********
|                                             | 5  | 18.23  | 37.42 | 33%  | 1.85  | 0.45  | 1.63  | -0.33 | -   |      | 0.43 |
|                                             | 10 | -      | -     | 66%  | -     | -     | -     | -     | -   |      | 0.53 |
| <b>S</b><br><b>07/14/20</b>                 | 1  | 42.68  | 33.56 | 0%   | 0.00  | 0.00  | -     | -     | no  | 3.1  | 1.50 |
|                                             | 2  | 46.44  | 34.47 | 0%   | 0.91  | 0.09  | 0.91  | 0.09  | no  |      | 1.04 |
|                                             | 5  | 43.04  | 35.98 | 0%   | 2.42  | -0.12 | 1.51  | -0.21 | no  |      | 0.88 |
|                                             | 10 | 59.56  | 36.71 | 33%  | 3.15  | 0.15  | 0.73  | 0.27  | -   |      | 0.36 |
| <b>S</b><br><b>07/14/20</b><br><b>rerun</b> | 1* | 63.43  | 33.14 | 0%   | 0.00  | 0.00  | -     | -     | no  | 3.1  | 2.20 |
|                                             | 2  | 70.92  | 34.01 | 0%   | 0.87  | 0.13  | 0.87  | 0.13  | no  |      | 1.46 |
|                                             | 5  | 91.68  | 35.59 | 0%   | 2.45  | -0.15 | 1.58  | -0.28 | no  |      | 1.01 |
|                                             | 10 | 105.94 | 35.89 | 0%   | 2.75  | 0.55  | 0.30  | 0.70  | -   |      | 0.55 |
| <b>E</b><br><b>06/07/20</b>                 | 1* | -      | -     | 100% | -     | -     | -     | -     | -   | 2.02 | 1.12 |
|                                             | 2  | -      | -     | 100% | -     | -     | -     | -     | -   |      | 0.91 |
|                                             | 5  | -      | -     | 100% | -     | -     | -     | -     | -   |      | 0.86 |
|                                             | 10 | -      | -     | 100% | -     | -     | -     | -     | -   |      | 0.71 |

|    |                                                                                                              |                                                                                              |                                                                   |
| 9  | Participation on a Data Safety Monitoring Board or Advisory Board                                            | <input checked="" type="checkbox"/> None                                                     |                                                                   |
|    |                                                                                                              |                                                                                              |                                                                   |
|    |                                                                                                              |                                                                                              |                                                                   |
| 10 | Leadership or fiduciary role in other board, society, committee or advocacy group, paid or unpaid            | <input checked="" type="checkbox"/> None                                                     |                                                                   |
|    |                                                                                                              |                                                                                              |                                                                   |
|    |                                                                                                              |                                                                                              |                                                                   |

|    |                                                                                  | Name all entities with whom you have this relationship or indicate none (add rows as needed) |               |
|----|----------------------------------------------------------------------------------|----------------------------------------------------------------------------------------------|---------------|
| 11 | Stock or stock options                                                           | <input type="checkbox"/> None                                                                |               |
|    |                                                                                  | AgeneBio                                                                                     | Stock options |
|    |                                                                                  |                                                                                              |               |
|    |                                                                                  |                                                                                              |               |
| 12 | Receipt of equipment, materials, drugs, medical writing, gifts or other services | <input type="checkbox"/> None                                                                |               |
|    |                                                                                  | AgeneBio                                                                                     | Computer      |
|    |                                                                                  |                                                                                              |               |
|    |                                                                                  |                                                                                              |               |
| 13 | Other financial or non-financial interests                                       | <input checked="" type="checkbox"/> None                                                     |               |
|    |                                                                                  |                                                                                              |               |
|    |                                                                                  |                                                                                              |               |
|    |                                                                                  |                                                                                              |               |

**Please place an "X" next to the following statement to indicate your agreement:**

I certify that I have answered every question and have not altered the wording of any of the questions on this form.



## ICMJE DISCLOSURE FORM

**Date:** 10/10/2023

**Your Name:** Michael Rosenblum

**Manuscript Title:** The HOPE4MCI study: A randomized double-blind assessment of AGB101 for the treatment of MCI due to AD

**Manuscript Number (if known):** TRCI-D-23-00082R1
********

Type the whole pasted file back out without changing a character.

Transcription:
|                                             | 5  | 18.23  | 37.42 | 33%  | 1.85  | 0.45  | 1.63  | -0.33 | -   |      | 0.43 |
|                                             | 10 | -      | -     | 66%  | -     | -     | -     | -     | -   |      | 0.53 |
| <b>S</b><br><b>07/14/20</b>                 | 1  | 42.68  | 33.56 | 0%   | 0.00  | 0.00  | -     | -     | no  | 3.1  | 1.50 |
|                                             | 2  | 46.44  | 34.47 | 0%   | 0.91  | 0.09  | 0.91  | 0.09  | no  |      | 1.04 |
|                                             | 5  | 43.04  | 35.98 | 0%   | 2.42  | -0.12 | 1.51  | -0.21 | no  |      | 0.88 |
|                                             | 10 | 59.56  | 36.71 | 33%  | 3.15  | 0.15  | 0.73  | 0.27  | -   |      | 0.36 |
| <b>S</b><br><b>07/14/20</b><br><b>rerun</b> | 1* | 63.43  | 33.14 | 0%   | 0.00  | 0.00  | -     | -     | no  | 3.1  | 2.20 |
|                                             | 2  | 70.92  | 34.01 | 0%   | 0.87  | 0.13  | 0.87  | 0.13  | no  |      | 1.46 |
|                                             | 5  | 91.68  | 35.59 | 0%   | 2.45  | -0.15 | 1.58  | -0.28 | no  |      | 1.01 |
|                                             | 10 | 105.94 | 35.89 | 0%   | 2.75  | 0.55  | 0.30  | 0.70  | -   |      | 0.55 |
| <b>E</b><br><b>06/07/20</b>                 | 1* | -      | -     | 100% | -     | -     | -     | -     | -   | 2.02 | 1.12 |
|                                             | 2  | -      | -     | 100% | -     | -     | -     | -     | -   |      | 0.91 |
|                                             | 5  | -      | -     | 100% | -     | -     | -     | -     | -   |      | 0.86 |
|                                             | 10 | -      | -     | 100% | -     | -     | -     | -     | -   |      | 0.71 |

|    |                                                                                                              |                                                                                              |                                                                   |
| 9  | Participation on a Data Safety Monitoring Board or Advisory Board                                            | <input checked="" type="checkbox"/> None                                                     |                                                                   |
|    |                                                                                                              |                                                                                              |                                                                   |
|    |                                                                                                              |                                                                                              |                                                                   |
| 10 | Leadership or fiduciary role in other board, society, committee or advocacy group, paid or unpaid            | <input checked="" type="checkbox"/> None                                                     |                                                                   |
|    |                                                                                                              |                                                                                              |                                                                   |
|    |                                                                                                              |                                                                                              |                                                                   |

|    |                                                                                  | Name all entities with whom you have this relationship or indicate none (add rows as needed) |               |
|----|----------------------------------------------------------------------------------|----------------------------------------------------------------------------------------------|---------------|
| 11 | Stock or stock options                                                           | <input type="checkbox"/> None                                                                |               |
|    |                                                                                  | AgeneBio                                                                                     | Stock options |
|    |                                                                                  |                                                                                              |               |
|    |                                                                                  |                                                                                              |               |
| 12 | Receipt of equipment, materials, drugs, medical writing, gifts or other services | <input type="checkbox"/> None                                                                |               |
|    |                                                                                  | AgeneBio                                                                                     | Computer      |
|    |                                                                                  |                                                                                              |               |
|    |                                                                                  |                                                                                              |               |
| 13 | Other financial or non-financial interests                                       | <input checked="" type="checkbox"/> None                                                     |               |
|    |                                                                                  |                                                                                              |               |
|    |                                                                                  |                                                                                              |               |
|    |                                                                                  |                                                                                              |               |

**Please place an "X" next to the following statement to indicate your agreement:**

I certify that I have answered every question and have not altered the wording of any of the questions on this form.



## ICMJE DISCLOSURE FORM

**Date:** 10/10/2023

**Your Name:** Michael Rosenblum

**Manuscript Title:** The HOPE4MCI study: A randomized double-blind assessment of AGB101 for the treatment of MCI due to AD

**Manuscript Number (if known):** TRCI-D-23-00082R1